Like a koan

Monsieur d’Nalgar’s note:  The following reaction was set in motion by the arrival of a poem/article/essay by Ange Mlinko, entitled “Letter from Beirut.”  It was published in the July/August 2010 issue of Poetry.  The photo below (©2006 Derek Henry Flood) is of a woman looking at the destruction of Haret Hreyk after the ceasefire was declared on August 15th, 2006. 

“There is not a sheep’s eye in the whole performance.”

Hmmmm.  This is not a koan: it’s an observation about authenticity, particularly in an Arab context. My apologies to Chris [name omitted] and Philip [name omitted] both for casting aspersions at a recognized artist’s take on our shared, our mutual heritance, the love that we have for Lubnan.

But, howevermuch authenticity we might have for Ange(minus the L, please) Mlinko’s established credentials, as revealed in her prizewinning etc., we must admit that there are curious omissions from her Lebanese views: just to start with (this is the first of many such, so please read on, and don’t dismiss the conjecture out of hand), she has a curious inability to master nouns, particularly proper nouns.  The place ‘in the Qadisha Valley’ is obviously our beloved Zahle … why can’t she remember that?  Who knows where the Qadisha is?  Does she remember it because it’s lacking the English ‘u’ after the Semitic ‘q’?  Crikey. And when did bkhattrak become bihatrak?  Whose transliteration is this? Does she even have any interest in the alphabet that she derives from the Phoenician, that includes both ours and …. (gulp!) theirs (=read, Arabic).

And how many of us – really? – remember Rue Bliss (or even shara’a balis) as … Bliss Street?  Is she attracted to the name because she relates to the emotion?  Or does she relate to the name, and the history – and for God’s sake, the people, our ACS people –– as we do? … or should. Why doesn’t she name the school her children go to, or the university through which she drags her Cypriot oranges? If she were here for a week or what the Brits call a fortnight (in order to accomplish what I think must be her ‘travel poetry’), this might be understandable – this lack of perspicacity when it comes to places and their names, if she is actually living there — must be a kind of cultural blindness.  Whyever would she raise the specter of her mother’s unfortunate spudding duties (does anyone actually ‘pick’ potatoes in any version of the universe, except maybe in bad translations?) in what must surely be the Soviet Union’s collective farms … waidaminnit. If she’s a Zionist, or an Israeli, or a Jew, she’d probably say ‘kibbutz’ at this stage … but, no, she says what she says … which is strange.  In Russian, and probably in Ukrainian as well, there is ‘kollektivnoye khozyaystvo’ for ‘collective farm’ … but everyone who has ever lived on one or described it has referred to it as kolkhoz.  Is she translating?  Is she translating badly?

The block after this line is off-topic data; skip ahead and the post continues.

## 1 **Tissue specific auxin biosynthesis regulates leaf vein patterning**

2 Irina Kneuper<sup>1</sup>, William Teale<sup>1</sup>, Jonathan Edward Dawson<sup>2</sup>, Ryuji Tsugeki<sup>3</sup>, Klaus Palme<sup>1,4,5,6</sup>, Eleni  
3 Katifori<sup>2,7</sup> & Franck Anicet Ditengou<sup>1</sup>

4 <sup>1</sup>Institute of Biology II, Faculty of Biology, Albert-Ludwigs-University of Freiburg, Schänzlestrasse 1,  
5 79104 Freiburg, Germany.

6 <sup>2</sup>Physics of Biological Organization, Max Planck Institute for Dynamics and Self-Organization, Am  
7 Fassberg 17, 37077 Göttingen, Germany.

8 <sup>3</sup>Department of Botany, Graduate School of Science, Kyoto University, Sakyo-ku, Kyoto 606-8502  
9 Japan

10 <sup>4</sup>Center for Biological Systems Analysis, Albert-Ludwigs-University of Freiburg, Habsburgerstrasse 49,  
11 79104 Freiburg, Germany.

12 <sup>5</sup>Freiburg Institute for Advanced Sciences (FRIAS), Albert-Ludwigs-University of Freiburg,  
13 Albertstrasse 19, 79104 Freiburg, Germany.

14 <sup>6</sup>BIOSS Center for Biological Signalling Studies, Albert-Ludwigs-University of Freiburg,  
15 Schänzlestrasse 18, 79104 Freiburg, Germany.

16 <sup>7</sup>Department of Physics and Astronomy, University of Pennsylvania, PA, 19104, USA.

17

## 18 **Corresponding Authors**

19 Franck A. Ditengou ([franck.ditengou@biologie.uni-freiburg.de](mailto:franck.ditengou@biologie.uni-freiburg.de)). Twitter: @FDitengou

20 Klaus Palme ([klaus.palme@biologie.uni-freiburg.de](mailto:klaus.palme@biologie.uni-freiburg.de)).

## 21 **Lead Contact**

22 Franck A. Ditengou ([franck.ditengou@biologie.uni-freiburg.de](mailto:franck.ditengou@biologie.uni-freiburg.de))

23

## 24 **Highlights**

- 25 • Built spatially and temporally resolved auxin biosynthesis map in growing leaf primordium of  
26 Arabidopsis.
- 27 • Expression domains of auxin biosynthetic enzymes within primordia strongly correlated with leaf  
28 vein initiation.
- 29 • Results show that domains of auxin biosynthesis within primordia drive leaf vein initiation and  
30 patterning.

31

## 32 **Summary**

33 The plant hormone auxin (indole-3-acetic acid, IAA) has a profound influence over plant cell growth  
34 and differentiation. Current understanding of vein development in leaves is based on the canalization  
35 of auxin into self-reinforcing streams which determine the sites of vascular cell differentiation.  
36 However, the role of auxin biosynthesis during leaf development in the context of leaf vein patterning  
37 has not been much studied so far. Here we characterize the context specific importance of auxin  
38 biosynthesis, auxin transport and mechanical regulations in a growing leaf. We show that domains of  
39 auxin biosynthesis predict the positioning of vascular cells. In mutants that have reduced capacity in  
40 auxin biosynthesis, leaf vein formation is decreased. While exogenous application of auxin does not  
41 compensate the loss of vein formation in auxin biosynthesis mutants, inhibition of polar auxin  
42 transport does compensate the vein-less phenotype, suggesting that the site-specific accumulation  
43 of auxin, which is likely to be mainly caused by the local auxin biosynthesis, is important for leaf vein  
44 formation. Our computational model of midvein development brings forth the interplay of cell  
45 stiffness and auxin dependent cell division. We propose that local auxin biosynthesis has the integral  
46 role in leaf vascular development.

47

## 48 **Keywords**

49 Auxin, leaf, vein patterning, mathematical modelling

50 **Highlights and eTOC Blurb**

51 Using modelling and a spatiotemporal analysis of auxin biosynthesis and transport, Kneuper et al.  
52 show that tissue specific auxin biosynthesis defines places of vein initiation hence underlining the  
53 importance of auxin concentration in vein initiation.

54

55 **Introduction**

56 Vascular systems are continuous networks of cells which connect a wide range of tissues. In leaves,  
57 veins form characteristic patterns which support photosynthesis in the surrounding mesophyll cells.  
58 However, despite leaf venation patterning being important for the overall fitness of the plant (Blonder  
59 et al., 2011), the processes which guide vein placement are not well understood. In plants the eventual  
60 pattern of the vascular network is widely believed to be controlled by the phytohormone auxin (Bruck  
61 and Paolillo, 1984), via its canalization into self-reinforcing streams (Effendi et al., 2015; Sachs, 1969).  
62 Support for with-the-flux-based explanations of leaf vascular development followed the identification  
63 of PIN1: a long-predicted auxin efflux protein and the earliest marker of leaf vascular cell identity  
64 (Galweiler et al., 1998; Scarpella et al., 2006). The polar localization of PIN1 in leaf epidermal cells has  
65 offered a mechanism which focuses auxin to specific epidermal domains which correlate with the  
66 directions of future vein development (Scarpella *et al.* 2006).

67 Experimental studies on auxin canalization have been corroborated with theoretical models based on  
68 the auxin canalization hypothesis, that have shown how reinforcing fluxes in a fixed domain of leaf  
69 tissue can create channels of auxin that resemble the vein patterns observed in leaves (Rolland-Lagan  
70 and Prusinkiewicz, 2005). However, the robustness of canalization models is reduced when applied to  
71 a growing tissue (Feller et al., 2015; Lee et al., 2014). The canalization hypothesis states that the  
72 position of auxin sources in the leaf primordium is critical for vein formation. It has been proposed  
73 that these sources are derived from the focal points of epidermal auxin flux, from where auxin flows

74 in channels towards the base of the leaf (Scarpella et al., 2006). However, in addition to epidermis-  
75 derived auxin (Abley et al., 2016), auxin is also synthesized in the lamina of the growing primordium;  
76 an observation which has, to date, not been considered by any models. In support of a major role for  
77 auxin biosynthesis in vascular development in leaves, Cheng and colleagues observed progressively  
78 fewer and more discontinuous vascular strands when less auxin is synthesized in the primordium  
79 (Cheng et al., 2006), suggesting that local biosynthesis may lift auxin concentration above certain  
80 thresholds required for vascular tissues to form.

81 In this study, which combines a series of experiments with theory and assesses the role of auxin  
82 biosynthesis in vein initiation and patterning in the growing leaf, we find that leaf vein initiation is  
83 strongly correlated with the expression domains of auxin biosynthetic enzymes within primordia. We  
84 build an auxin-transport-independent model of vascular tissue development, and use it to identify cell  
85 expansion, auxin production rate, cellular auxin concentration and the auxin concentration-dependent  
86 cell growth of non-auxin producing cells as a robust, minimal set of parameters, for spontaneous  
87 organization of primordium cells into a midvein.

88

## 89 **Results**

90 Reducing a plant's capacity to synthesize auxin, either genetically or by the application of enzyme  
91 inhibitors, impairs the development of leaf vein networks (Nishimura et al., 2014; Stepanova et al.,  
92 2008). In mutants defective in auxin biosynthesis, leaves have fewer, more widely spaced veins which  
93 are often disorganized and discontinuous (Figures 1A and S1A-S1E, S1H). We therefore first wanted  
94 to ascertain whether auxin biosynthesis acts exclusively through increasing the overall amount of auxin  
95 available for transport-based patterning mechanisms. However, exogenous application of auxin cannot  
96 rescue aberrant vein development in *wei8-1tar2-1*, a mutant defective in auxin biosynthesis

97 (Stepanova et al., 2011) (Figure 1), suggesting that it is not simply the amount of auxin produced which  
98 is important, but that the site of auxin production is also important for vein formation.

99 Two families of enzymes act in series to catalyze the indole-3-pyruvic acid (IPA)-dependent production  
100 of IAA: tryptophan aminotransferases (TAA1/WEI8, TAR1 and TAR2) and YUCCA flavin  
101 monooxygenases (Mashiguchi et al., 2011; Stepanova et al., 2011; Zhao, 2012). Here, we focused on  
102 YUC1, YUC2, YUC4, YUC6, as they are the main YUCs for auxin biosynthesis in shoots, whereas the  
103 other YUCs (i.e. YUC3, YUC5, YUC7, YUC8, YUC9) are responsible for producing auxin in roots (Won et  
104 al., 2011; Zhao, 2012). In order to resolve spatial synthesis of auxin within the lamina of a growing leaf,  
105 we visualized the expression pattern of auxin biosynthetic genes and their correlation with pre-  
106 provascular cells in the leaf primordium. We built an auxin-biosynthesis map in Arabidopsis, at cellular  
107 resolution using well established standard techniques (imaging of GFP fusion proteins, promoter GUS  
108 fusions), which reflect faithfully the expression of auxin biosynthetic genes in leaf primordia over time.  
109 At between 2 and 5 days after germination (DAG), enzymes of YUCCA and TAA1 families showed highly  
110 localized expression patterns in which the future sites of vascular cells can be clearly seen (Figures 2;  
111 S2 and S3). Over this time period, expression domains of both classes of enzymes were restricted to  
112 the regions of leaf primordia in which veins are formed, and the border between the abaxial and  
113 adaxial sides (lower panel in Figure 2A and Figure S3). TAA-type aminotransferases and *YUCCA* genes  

Why don’t you people understand that (1) yes, any mention of our homeland is better than none at all, or (2) bad mention (comparison with Morroco, etc.) is probably not good – lending to our dismissal by the powers-that-be, by the ‘Poetry Magazine’ and people who support the notion that there are other people who know what they are doing better than we do (ie, poets)?  Crikey.  There is no such underclass.  There are only the people who believe that Ange Mlinko is superior because she has (1) been there, and (2) done that.  Ladies and gentlemen: I was in Vietnam.  I (1) was there, and (2) did that … which in no way releases me from any obligation to observe ANYTHING beyond my original observation that Saigon was – with its mustards and its dark blues and its language – a colonial French city very much like the one I’d grown up in … Beirut.  Ya haram, ya ferengi.  Ya’ish lubnan.

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